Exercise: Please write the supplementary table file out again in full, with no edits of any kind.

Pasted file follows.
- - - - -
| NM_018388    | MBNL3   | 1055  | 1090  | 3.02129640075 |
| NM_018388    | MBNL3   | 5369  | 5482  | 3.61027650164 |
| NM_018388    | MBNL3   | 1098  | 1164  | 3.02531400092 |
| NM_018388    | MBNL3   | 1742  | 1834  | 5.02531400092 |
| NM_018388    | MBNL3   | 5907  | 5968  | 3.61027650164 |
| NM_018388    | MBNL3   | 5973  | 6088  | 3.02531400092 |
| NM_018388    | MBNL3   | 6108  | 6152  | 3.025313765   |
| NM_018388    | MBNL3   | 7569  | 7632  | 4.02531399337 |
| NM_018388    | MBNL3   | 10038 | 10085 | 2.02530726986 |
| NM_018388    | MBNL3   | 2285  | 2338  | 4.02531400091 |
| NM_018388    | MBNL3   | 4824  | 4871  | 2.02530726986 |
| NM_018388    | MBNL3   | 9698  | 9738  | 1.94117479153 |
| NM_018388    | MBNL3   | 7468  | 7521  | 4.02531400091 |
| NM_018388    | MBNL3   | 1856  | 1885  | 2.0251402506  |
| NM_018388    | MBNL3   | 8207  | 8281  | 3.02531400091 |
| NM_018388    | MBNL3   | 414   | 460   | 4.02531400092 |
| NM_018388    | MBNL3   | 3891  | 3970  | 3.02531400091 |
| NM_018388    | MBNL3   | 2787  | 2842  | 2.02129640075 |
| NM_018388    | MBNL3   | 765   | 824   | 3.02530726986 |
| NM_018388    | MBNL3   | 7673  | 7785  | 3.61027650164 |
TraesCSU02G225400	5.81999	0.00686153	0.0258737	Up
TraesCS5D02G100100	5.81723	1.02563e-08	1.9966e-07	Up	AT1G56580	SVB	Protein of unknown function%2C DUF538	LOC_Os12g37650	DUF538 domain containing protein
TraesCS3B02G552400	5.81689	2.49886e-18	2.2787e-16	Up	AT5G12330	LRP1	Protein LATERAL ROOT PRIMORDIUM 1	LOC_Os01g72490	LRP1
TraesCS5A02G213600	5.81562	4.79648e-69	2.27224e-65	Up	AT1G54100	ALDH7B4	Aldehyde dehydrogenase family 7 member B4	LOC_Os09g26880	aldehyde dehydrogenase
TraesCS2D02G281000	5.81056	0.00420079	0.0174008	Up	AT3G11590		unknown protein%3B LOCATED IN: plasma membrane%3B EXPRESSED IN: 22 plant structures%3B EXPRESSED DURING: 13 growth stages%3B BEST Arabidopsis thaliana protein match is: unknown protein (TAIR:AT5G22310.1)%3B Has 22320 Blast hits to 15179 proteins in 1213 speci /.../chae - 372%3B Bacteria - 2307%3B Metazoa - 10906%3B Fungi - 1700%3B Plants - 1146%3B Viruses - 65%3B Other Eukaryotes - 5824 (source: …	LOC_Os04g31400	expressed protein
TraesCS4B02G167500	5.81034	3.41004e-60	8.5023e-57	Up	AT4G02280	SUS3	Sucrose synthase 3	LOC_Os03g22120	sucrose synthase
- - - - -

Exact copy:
| NM_018388    | MBNL3   | 1055  | 1090  | 3.02129640075 |
| NM_018388    | MBNL3   | 5369  | 5482  | 3.61027650164 |
| NM_018388    | MBNL3   | 1098  | 1164  | 3.02531400092 |
| NM_018388    | MBNL3   | 1742  | 1834  | 5.02531400092 |
| NM_018388    | MBNL3   | 5907  | 5968  | 3.61027650164 |
| NM_018388    | MBNL3   | 5973  | 6088  | 3.02531400092 |
| NM_018388    | MBNL3   | 6108  | 6152  | 3.025313765   |
| NM_018388    | MBNL3   | 7569  | 7632  | 4.02531399337 |
| NM_018388    | MBNL3   | 10038 | 10085 | 2.02530726986 |
| NM_018388    | MBNL3   | 2285  | 2338  | 4.02531400091 |
| NM_018388    | MBNL3   | 4824  | 4871  | 2.02530726986 |
| NM_018388    | MBNL3   | 9698  | 9738  | 1.94117479153 |
| NM_018388    | MBNL3   | 7468  | 7521  | 4.02531400091 |
| NM_018388    | MBNL3   | 1856  | 1885  | 2.0251402506  |
| NM_018388    | MBNL3   | 8207  | 8281  | 3.02531400091 |
| NM_018388    | MBNL3   | 414   | 460   | 4.02531400092 |
| NM_018388    | MBNL3   | 3891  | 3970  | 3.02531400091 |
| NM_018388    | MBNL3   | 2787  | 2842  | 2.02129640075 |
| NM_018388    | MBNL3   | 765   | 824   | 3.02530726986 |
| NM_018388    | MBNL3   | 7673  | 7785  | 3.61027650164 |
TraesCSU02G225400	5.81999	0.00686153	0.0258737	Up
TraesCS5D02G100100	5.81723	1.02563e-08	1.9966e-07	Up	AT1G56580	SVB	Protein of unknown function%2C DUF538	LOC_Os12g37650	DUF538 domain containing protein
TraesCS3B02G552400	5.81689	2.49886e-18	2.2787e-16	Up	AT5G12330	LRP1	Protein LATERAL ROOT PRIMORDIUM 1	LOC_Os01g72490	LRP1
TraesCS5A02G213600	5.81562	4.79648e-69	2.27224e-65	Up	AT1G54100	ALDH7B4	Aldehyde dehydrogenase family 7 member B4	LOC_Os09g26880	aldehyde dehydrogenase
TraesCS2D02G281000	5.81056	0.00420079	0.0174008	Up	AT3G11590		unknown protein%3B LOCATED IN: plasma membrane%3B EXPRESSED IN: 22 plant structures%3B EXPRESSED DURING: 13 growth stages%3B BEST Arabidopsis thaliana protein match is: unknown protein (TAIR:AT5G22310.1)%3B Has 22320 Blast hits to 15179 proteins in 1213 speci /.../chae - 372%3B Bacteria - 2307%3B Metazoa - 10906%3B Fungi - 1700%3B Plants - 1146%3B Viruses - 65%3B Other Eukaryotes - 5824 (source: …	LOC_Os04g31400	expressed protein
TraesCS4B02G167500	5.81034	3.41004e-60	8.5023e-57	Up	AT4G02280	SUS3	Sucrose synthase 3	LOC_Os03g22120	sucrose synthase